18 isolated countries have avoided COVID-19. Could they skip the pandemic?
TORONTO -- The coronavirus has now spread to more than 170 countries and infected more than 1 million people worldwide, but a handful of isolated nations remain seemingly untouched by the pandemic -- for now.
According to global data compiled by Johns Hopkins University and first reported by the BBC, 18 countries of the 193 UN member nations have not reported a single case of COVID-19. Many of those countries are remote islands in the South Pacific, such as Samoa, Tonga and Vanuatu.
Experts believe that other coronavirus-free countries may be underreporting cases, including the notoriously cagey North Korea and conflict-ravaged Yemen.
It’s too early to say definitively whether or not the virus will spread to every last corner of the Earth. Harris Ali, a professor of sociology from York University who studied the spread of SARS and Ebola, said it’s possible that some nations will come away unscathed, but it isn’t likely.
“Nothing is remote anymore,” Ali told CTVNews.ca Friday in a phone interview.
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Globalization has drawn inextricable links between global cities, which explains why the virus initially spread between tourists in large Asian cities before reaching Europe and North America. But even the smallest nations rely on some degree of international travel, be it for products or people.
“There will always be some connection with other countries somehow, some relative travelling, or the need for work, or tourists,” Ali said. “No place is an island itself.”
In hopes of mitigating an outbreak, the island nation of Nauru -- located about 4,300 kilometres from Australia with a population of 13,000 -- declared a state of emergency last month. So far, Nauru has reported zero cases, but the virus has already spread to nearby countries including Guam, Fiji and French Polynesia.
But there are several major unknowns with the coronavirus that may make keeping it out of countries like Nauru next to impossible. For instance, scientists still don’t know whether or not a second wave of the virus could happen in the fall or winter, as is the case with seasonal coronaviruses.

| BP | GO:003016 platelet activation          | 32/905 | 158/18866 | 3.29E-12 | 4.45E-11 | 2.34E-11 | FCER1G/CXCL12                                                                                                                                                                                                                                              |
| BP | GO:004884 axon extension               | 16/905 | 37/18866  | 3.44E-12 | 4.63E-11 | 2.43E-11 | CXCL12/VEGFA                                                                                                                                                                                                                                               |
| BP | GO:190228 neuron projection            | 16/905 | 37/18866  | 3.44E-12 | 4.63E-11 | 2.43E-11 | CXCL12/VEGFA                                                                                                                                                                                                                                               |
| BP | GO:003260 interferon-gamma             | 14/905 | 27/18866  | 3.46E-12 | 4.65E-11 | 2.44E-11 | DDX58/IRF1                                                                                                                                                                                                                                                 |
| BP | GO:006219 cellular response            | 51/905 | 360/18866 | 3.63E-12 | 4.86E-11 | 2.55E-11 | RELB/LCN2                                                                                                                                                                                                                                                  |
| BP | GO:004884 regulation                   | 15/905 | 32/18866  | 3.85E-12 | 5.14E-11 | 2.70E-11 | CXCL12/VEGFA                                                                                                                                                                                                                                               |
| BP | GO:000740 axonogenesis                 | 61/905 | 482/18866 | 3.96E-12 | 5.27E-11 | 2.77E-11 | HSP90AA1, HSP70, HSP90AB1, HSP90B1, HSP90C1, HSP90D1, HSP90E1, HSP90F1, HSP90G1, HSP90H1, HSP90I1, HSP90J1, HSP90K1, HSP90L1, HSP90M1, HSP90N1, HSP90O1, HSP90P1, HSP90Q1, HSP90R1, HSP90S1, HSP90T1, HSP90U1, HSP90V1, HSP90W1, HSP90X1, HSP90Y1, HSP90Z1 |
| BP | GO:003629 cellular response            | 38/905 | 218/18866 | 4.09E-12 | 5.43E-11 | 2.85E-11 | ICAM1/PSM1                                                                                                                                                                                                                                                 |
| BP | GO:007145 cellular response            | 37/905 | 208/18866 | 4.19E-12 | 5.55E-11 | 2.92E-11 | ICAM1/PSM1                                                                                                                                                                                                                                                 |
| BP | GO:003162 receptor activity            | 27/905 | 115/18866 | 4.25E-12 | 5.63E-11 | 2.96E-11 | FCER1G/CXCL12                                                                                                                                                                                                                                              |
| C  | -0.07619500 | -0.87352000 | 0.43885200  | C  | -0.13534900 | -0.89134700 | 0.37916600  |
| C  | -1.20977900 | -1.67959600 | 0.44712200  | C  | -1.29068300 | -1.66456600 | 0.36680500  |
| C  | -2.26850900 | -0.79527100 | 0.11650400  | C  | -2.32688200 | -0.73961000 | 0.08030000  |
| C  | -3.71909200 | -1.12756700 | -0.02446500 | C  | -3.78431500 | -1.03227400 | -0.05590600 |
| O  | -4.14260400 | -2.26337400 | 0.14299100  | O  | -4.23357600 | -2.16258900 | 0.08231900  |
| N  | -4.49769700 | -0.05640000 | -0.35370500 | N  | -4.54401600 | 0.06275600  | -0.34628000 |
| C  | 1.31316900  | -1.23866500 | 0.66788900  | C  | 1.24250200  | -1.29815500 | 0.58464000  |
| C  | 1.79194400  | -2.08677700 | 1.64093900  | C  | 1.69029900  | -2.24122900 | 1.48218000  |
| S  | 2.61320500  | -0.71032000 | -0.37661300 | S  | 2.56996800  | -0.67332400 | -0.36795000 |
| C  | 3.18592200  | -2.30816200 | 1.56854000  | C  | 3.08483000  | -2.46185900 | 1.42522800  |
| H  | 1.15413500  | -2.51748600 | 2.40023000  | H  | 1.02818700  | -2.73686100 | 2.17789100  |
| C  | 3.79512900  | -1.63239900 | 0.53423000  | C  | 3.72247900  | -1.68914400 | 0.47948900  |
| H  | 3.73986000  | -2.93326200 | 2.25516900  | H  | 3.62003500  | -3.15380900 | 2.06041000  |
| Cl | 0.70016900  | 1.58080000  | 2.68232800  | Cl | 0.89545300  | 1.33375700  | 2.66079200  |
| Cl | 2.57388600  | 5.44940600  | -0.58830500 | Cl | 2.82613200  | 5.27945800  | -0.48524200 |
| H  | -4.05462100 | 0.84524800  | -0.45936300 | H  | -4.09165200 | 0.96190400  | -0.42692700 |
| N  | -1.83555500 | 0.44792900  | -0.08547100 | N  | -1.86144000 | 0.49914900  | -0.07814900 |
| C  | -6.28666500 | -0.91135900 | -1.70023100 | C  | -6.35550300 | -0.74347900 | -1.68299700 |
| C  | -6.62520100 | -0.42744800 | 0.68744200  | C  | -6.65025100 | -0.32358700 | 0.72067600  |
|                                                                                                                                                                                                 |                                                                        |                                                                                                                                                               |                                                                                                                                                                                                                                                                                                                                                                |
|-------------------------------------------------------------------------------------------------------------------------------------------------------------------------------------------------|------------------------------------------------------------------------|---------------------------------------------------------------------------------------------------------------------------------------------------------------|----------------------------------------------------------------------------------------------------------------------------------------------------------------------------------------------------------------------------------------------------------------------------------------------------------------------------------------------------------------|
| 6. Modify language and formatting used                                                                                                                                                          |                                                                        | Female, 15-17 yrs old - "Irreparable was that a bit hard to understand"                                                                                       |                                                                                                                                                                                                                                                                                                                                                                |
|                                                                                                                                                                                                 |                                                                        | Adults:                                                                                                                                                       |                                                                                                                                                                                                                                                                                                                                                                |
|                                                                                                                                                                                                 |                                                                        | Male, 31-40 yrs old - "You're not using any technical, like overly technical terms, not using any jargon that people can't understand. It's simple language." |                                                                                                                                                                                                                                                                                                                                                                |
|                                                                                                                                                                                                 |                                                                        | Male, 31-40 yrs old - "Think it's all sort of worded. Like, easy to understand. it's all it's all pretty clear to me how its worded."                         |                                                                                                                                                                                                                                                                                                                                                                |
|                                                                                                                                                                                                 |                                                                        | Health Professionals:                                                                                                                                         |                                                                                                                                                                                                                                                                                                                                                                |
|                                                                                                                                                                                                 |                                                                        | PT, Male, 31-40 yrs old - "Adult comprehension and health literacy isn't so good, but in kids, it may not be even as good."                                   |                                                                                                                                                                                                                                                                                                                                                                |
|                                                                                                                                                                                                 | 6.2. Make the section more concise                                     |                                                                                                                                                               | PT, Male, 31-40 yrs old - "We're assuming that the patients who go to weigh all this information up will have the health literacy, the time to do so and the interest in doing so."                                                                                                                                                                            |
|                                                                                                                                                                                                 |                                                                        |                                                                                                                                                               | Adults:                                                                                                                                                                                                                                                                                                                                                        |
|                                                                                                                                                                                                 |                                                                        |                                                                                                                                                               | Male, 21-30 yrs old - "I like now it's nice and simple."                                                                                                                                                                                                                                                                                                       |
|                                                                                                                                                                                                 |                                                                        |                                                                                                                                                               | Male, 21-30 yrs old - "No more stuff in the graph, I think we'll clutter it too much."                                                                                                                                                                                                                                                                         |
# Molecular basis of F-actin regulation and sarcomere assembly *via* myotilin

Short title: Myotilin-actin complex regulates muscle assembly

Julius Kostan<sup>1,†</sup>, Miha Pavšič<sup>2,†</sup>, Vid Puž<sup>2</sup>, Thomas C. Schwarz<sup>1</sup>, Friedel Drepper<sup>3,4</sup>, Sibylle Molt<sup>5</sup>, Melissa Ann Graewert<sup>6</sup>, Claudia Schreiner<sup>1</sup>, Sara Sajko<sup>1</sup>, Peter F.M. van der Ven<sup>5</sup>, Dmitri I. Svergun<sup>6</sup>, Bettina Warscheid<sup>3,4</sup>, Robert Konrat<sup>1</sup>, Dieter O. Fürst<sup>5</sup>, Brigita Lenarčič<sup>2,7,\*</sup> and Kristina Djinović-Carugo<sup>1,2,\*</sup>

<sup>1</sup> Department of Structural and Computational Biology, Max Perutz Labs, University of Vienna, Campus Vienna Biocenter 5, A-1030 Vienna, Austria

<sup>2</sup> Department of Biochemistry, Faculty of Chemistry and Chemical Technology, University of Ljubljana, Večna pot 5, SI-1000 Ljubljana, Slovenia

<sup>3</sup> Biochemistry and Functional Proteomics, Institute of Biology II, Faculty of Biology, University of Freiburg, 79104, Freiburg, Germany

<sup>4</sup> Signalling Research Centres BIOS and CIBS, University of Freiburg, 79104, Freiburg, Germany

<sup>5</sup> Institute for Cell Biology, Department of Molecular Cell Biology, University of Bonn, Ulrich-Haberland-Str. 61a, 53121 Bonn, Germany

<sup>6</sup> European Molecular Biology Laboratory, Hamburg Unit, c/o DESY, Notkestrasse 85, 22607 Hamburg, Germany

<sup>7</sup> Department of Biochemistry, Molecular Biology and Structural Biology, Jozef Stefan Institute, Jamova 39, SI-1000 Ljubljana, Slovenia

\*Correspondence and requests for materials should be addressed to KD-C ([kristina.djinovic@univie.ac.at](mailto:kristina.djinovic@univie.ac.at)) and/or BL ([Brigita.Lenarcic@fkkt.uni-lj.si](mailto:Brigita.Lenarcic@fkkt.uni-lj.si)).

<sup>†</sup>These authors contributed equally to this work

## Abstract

Preventing an outbreak would also mean that Nauru’s navy would need to limit all unauthorized travel -- something that York University professor Roger Keil points out is impossible for richer nations with tight border control, such as the United States.
“It is almost impossible in this scenario where any place in the world can shut themselves off hermetically to the current situation,” said Keil, a professor of environmental studies who also studied the spread of infectious diseases.
Keil described COVID-19 as the “first true global pandemic” because of how far and wide it has spread in a matter of four months. In his view, it’s more likely than not that the list of infected countries will grow.
"It has spread through cities and states in the most powerful countries in the world. There is no reason to believe it would not appear in those smaller places either,” he said.
North Korea has not officially reported any cases of the virus so far, but that does not mean the virus hasn’t taken hold. The isolated dictatorship is notoriously tight-lipped and, back in the 1990s, under-reported a famine that killed hundreds of thousands of people.
Andy Tatem, a professor in spatial demography and epidemiology at the University of Southampton, leads a mapping project out of the United Kingdom that helps China and other European countries track the spread of the coronavirus. When it comes to North Korea, he says the information is lacking.
“It's always hard to know what is happening there. I wouldn’t be surprised if they had it already and were not reporting. They are an isolated nation and there isn’t a whole lot of movement in and out. So it could be possible that they’ve avoided it, but my guess is there could be an outbreak there, given what’s happened in South Korea and the surrounding countries.”
And while a small number of countries have managed to stave off an outbreak, Tatem said he suspects that group will continue to shrink.
“I think it’s possible for these islands to completely shut up shop and put in place strict measures, and that might well stop them getting it. The other side of things is that the measures can be quite damaging to the countries in terms of stopping tourists that they rely on or stopping goods from coming in,” he said.
“This virus is going to be around for quite a while, so it’s hard to keep out and it’s damaging to keep up these lockdowns and quarantines. So it’s hard to know whether they will succeed in keeping it out forever.”